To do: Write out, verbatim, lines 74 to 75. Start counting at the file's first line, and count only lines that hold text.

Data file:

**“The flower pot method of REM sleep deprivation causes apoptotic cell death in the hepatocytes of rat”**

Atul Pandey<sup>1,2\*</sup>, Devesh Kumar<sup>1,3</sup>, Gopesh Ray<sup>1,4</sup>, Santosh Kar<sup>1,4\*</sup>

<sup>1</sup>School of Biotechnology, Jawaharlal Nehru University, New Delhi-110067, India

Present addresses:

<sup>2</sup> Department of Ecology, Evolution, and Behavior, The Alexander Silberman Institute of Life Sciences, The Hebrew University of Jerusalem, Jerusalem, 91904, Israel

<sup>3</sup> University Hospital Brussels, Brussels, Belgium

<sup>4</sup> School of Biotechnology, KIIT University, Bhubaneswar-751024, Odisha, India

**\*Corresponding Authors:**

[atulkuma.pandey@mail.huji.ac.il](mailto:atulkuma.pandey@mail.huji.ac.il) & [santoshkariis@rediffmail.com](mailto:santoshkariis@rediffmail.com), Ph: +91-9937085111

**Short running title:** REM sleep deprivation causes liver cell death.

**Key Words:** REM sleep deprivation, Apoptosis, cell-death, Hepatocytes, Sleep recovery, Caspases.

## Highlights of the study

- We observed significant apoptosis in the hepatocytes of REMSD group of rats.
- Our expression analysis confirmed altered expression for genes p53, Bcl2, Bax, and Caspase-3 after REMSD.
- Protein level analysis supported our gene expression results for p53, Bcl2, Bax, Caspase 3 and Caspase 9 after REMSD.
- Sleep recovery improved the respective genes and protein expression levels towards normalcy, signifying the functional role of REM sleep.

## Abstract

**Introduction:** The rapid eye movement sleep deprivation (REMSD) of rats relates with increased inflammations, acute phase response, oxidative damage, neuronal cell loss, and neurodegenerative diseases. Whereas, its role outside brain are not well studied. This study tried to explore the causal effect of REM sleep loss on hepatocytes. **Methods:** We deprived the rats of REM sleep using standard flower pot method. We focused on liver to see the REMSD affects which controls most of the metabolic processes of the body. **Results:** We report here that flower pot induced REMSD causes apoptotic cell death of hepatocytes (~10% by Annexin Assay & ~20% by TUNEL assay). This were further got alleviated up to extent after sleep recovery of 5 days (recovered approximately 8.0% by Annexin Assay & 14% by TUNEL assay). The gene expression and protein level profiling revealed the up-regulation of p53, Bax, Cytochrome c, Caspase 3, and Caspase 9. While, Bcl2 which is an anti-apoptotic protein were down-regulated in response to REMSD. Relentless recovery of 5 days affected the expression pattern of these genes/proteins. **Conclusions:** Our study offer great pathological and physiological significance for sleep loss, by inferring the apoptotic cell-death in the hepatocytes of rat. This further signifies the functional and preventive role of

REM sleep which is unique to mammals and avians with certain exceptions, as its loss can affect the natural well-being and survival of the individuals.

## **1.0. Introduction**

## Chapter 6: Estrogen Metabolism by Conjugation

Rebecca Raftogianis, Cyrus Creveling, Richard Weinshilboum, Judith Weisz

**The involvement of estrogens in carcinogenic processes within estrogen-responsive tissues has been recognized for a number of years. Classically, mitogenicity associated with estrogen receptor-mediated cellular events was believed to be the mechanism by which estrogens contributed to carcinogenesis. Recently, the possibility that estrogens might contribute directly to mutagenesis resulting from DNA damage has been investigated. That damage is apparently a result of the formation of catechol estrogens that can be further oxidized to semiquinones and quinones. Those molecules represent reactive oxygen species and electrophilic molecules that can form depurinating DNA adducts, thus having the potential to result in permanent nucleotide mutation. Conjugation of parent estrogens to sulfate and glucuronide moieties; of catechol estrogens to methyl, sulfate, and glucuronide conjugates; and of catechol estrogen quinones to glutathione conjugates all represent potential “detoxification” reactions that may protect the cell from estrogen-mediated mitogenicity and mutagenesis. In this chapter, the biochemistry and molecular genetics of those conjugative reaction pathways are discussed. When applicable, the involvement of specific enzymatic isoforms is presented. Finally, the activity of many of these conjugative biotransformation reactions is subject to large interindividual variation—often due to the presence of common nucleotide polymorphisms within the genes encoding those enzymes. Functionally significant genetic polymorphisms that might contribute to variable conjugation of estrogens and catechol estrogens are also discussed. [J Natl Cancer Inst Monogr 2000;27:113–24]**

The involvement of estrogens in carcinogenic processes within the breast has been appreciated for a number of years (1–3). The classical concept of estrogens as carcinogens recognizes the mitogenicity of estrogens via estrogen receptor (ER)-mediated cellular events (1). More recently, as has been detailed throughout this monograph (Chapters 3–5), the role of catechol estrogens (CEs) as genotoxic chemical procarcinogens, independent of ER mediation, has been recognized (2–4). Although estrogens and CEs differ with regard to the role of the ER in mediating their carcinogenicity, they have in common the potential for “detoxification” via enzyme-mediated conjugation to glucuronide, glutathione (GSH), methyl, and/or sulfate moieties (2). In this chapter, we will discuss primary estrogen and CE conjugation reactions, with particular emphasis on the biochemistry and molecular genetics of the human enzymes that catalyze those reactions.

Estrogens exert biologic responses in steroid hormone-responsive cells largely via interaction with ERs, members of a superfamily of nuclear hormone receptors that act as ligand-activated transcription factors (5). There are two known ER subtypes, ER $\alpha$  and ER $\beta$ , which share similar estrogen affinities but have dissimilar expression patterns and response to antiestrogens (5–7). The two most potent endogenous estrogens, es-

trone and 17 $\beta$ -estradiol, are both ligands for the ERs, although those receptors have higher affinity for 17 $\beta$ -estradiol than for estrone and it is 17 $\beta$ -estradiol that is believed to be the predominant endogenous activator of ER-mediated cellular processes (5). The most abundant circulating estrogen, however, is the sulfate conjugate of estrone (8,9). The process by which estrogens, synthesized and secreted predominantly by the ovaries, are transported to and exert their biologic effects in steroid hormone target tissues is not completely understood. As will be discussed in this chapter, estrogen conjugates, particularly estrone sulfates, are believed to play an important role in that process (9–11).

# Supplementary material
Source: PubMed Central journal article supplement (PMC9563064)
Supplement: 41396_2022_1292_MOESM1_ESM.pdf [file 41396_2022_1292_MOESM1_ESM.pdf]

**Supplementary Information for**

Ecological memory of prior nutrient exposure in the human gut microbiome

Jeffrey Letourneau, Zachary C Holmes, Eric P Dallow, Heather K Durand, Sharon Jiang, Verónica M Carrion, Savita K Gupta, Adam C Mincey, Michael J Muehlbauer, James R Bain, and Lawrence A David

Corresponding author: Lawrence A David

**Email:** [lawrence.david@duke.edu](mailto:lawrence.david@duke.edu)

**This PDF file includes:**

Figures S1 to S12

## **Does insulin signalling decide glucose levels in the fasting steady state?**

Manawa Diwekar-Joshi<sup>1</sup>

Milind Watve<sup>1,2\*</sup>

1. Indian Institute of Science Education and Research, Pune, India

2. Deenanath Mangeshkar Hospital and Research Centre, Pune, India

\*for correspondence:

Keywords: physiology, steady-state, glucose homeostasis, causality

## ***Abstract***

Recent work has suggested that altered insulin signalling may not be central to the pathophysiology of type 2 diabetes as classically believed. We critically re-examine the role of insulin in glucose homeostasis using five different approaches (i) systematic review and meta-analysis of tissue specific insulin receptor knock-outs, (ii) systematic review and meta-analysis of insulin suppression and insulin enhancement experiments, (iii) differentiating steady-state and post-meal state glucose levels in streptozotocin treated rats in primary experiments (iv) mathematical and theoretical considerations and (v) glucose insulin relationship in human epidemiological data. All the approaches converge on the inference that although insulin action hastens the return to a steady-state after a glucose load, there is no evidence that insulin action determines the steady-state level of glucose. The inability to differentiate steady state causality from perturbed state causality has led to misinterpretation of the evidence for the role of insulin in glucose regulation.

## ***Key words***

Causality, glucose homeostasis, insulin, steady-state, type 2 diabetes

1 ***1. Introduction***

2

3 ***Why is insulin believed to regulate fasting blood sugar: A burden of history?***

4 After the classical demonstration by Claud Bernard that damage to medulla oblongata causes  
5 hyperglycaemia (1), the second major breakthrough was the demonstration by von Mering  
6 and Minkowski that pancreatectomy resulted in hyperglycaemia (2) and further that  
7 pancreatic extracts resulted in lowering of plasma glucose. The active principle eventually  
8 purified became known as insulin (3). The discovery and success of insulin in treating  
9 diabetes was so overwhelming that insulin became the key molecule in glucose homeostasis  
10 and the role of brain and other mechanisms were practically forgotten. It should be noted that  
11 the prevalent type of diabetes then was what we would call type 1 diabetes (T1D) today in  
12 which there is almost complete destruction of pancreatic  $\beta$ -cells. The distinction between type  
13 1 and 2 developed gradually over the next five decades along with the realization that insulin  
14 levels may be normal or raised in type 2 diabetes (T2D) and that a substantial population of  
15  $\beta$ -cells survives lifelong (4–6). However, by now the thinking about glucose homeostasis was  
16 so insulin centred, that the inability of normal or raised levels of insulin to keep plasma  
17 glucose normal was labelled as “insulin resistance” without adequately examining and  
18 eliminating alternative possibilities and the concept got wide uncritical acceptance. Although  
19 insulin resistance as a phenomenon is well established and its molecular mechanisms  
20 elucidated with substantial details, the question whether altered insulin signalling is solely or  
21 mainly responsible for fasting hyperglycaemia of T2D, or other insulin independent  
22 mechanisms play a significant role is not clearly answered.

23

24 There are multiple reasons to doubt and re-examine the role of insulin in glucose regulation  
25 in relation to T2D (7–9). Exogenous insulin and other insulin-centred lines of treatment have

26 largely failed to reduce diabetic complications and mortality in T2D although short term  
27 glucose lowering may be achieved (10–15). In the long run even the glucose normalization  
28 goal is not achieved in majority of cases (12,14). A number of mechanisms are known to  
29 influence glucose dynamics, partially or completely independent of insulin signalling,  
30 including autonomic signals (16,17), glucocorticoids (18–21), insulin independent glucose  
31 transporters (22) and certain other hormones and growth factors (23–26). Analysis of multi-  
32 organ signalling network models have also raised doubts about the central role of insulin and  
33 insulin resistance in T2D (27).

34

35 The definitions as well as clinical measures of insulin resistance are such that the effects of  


27 glucose lowering may be achieved (10–15). In the long run even the glucose normalization  
28 goal is not achieved in majority of cases (12,14). A number of mechanisms are known to  